Wallaces Farmer

Banks Get Two Ethanol Plants As Hawkeye Energy Declares Chapter 11

Iowa's largest ethanol producer is undergoing bankruptcy as result of too much debt.

Rod Swoboda 1

December 23, 2009

6 Min Read

A debt load approaching $1 billion proved to be too much to handle for Hawkeye Energy Holdings, Iowa's largest ethanol producer. The company has turned over two of its four ethanol plants to bankers in a December 21, 2009 bankruptcy filing. The two plants, at Iowa Falls and Fairbank, will stay open.

 

Farmers have been paid for their corn that has been delivered and the company has enough cash and will continue to buy corn from farmers and will pay for the corn it has already agreed to buy on forward contracts from farmers, says company CEO Bruce Rastetter.

 

Hawkeye Energy Holdings announced on Monday December 21 that one of its subsidiaries, Hawkeye Renewables, with plants in Iowa Falls and Fairbank, would reorganize under Chapter 11 of the U.S. Bankruptcy Code. The company also owns plants in Shell Rock and Menlo.

 

Profits have improved, but debt load was too high

 

Profits in the ethanol industry have improved in the last six months, but some ethanol plants have continued to suffer from over expansion. Demand for ethanol is declining, in part because drivers are using less gasoline. Unless the federal government increases the percentage of ethanol allowed to be sold in gasoline in the U.S., ethanol producers will face stagnant demand and poor profits.

 

"It's a different world today than in 2006," says Bruce Rastetter, president of Hawkeye, headquartered in Ames. For awhile that year demand was so strong for ethanol, producers had profit margins of $2 per gallon or better. Margins are 30 cents today.

 

Rastetter says all four of his company's plants are operating profitably today and the company has cash on hand. However, the company had to declare bankruptcy because the debt load it was carrying was simply too high, given the projected operating profile of the industry.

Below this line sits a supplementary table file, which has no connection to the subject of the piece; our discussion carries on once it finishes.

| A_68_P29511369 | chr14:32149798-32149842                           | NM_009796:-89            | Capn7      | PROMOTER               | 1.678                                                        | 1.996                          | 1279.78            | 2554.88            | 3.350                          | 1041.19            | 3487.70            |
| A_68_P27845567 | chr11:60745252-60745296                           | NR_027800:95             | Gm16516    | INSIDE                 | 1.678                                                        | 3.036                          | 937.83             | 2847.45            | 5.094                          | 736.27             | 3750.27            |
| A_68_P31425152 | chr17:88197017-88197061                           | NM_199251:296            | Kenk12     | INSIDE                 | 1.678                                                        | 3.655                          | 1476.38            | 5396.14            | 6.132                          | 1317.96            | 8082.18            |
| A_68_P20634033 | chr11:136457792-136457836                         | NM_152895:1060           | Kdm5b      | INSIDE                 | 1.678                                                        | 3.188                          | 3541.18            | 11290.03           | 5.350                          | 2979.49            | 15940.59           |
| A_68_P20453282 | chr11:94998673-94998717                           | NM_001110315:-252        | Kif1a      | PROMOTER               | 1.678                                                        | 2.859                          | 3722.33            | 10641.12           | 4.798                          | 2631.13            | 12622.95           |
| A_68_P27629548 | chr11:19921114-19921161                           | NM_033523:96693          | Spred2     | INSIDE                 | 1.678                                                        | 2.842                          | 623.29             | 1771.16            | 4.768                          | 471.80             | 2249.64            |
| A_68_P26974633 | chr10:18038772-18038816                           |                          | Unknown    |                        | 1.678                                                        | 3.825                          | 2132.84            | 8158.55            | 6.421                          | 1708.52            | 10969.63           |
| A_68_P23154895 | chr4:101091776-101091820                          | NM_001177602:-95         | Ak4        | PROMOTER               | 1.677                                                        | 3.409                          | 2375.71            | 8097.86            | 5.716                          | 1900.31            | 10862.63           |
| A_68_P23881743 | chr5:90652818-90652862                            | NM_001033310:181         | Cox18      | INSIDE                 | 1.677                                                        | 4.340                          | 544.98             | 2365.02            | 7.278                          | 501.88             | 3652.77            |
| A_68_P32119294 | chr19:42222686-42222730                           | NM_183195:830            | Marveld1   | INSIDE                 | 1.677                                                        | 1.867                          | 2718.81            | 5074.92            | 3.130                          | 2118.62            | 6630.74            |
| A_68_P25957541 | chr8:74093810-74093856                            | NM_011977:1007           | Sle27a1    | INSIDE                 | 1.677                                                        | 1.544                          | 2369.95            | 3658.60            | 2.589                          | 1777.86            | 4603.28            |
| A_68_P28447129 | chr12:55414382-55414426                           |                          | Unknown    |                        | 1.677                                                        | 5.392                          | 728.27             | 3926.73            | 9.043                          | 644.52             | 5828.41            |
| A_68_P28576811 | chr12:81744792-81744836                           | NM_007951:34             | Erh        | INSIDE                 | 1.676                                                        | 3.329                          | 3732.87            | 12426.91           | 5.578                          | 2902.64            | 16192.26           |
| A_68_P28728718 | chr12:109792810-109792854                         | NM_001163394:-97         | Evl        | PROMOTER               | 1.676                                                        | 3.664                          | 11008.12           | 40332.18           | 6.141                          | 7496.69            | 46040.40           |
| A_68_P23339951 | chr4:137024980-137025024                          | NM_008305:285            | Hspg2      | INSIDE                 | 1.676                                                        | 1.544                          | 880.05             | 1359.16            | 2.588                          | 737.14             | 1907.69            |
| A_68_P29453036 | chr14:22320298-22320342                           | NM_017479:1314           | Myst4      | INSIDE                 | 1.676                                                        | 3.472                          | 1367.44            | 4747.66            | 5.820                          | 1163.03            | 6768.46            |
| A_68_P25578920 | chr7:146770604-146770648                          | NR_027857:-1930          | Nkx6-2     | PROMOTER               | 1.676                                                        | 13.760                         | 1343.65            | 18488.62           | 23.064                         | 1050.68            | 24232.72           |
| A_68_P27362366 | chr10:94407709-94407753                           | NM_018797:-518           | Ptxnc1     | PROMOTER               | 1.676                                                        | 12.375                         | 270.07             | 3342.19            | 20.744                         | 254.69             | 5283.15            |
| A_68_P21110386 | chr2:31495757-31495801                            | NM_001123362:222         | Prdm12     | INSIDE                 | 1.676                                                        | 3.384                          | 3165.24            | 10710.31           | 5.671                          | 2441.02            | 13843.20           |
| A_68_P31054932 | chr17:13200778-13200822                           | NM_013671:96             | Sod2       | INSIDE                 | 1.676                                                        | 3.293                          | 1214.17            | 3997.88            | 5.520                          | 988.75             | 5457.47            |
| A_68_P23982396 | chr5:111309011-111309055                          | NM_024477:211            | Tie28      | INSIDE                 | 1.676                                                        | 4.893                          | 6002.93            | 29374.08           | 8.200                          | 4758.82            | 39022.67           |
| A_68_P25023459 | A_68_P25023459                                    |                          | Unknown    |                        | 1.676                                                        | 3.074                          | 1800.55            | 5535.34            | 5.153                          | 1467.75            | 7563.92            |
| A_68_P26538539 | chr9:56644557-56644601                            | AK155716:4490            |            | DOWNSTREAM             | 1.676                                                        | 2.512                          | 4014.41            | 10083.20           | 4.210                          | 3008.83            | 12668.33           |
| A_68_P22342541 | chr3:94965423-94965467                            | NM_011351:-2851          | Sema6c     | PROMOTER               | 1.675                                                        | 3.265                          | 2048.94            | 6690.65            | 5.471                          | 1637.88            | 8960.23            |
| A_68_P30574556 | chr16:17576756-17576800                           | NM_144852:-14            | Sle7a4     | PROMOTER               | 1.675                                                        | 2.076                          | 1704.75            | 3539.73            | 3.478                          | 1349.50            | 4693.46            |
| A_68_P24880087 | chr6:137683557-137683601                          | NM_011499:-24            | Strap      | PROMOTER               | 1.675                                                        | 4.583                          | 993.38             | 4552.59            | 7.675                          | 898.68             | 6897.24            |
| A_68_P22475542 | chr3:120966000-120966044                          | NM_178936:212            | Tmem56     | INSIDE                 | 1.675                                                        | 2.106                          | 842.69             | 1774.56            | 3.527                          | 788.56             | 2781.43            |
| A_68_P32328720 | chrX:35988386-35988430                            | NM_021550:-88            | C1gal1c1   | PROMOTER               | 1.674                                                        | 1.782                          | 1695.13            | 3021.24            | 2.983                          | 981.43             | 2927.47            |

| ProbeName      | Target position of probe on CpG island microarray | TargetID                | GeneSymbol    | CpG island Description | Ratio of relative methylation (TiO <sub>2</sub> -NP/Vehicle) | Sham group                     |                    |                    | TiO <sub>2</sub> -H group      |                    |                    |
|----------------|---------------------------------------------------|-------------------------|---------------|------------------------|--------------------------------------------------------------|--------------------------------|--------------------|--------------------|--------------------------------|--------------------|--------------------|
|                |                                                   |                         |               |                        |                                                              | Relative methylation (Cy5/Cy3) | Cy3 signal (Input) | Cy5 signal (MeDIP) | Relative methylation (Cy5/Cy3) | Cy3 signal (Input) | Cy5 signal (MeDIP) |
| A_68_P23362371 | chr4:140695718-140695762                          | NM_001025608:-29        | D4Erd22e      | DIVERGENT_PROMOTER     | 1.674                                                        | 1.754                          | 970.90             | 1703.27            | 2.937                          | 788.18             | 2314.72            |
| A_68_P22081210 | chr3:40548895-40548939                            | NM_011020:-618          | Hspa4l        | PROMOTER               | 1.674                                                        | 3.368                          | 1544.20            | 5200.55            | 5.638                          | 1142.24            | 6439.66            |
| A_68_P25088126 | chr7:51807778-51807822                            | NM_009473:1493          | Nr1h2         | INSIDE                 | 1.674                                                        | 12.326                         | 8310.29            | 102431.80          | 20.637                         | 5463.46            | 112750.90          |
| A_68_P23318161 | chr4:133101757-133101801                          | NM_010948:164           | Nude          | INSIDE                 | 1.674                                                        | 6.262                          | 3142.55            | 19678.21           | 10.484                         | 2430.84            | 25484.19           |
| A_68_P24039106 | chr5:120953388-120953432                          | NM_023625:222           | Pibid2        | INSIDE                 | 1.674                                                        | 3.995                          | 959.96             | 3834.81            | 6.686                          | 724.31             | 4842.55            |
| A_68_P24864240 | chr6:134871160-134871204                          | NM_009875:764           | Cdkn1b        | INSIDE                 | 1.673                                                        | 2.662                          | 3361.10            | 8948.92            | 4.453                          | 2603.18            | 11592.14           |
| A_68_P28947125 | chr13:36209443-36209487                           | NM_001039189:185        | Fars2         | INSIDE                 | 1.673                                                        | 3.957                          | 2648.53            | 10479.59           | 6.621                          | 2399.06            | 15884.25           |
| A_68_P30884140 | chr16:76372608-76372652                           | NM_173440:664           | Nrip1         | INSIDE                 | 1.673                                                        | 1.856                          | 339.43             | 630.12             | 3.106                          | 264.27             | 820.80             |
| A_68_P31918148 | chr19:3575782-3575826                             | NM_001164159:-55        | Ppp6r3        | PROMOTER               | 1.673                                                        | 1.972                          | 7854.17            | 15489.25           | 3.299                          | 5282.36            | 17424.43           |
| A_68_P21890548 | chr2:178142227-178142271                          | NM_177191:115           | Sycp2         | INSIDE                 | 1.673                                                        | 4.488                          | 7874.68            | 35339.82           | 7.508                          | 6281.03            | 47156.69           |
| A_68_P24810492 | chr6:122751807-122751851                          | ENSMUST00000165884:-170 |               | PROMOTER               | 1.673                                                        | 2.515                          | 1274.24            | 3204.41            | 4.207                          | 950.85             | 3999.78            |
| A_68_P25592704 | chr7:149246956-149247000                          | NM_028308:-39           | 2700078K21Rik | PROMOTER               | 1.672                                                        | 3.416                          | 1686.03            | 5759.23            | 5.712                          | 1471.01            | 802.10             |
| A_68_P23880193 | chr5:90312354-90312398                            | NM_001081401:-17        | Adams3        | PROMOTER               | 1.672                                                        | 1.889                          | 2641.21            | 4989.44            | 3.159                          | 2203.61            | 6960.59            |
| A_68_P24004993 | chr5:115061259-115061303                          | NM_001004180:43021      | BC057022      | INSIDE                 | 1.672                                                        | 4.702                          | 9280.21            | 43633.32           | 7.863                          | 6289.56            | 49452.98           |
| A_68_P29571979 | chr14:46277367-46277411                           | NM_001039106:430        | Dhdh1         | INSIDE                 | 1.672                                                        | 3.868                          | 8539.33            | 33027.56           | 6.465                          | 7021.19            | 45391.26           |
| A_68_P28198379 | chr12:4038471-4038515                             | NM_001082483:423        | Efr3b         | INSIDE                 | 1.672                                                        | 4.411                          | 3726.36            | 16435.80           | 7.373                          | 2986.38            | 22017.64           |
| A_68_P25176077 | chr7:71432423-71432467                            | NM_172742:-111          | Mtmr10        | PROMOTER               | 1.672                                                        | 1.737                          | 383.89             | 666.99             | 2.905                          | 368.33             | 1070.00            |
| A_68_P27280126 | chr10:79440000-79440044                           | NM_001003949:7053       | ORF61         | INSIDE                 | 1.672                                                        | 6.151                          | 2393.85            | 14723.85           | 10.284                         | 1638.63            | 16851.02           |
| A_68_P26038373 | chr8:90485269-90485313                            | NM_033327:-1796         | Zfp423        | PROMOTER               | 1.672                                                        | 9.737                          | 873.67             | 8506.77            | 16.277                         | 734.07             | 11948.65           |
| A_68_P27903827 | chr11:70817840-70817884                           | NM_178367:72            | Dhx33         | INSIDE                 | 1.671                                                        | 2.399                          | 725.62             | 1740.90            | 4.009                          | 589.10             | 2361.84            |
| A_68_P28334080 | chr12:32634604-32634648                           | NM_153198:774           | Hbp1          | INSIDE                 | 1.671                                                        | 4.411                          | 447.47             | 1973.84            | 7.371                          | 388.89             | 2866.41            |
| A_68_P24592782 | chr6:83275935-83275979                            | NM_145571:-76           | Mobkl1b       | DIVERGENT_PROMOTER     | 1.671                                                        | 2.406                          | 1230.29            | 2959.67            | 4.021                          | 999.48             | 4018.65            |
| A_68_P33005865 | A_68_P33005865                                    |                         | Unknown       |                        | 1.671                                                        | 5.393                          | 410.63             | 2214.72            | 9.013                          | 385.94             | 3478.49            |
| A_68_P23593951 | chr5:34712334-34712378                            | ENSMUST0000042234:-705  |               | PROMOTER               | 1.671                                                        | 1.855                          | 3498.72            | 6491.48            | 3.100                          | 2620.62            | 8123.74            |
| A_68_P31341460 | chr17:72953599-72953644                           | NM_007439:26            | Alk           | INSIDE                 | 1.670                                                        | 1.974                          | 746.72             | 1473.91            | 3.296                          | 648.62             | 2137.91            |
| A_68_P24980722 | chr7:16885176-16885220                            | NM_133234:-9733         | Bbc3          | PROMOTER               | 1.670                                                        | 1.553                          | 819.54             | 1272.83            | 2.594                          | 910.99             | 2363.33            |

The plants at Iowa Falls and Fairbank, each with 45 employees, will continue to operate under the current management without layoffs, he says. The plants also will keep buying corn and will honor forward contracts for purchases of corn from farmers. The two plants annually use about 77 million bushels of corn and produce 215 million gallons of ethanol. The Iowa Falls plant is a 100 million gallon plant, and the Fairbank plant is a 115 million gallon plant.

 

Plants at Menlo, Shell Rock stay under Hawkeye ownership

 

Hawkeye's plants at Menlo and Shell Rock aren't affected by the bankruptcy filing, says Rastetter, and will remain under Hawkeye ownership. The Menlo plant produces 115 million gallons per year, as does the Shell Rock plant.

 

Hawkeye's bank debt is between $500 million and $1 billion, and the money is owed to a consortium of lenders, led by Credit Suisse. About 20 banks were involved in the transaction, none in Iowa. Hawkeye borrowed the money in 2006 after withdrawing a planned public stock offering. Against the debt, Hawkeye has about $250 million in assets. Hawkeye's creditors had already approved the bankruptcy plan under what is known as a prepackaged bankruptcy.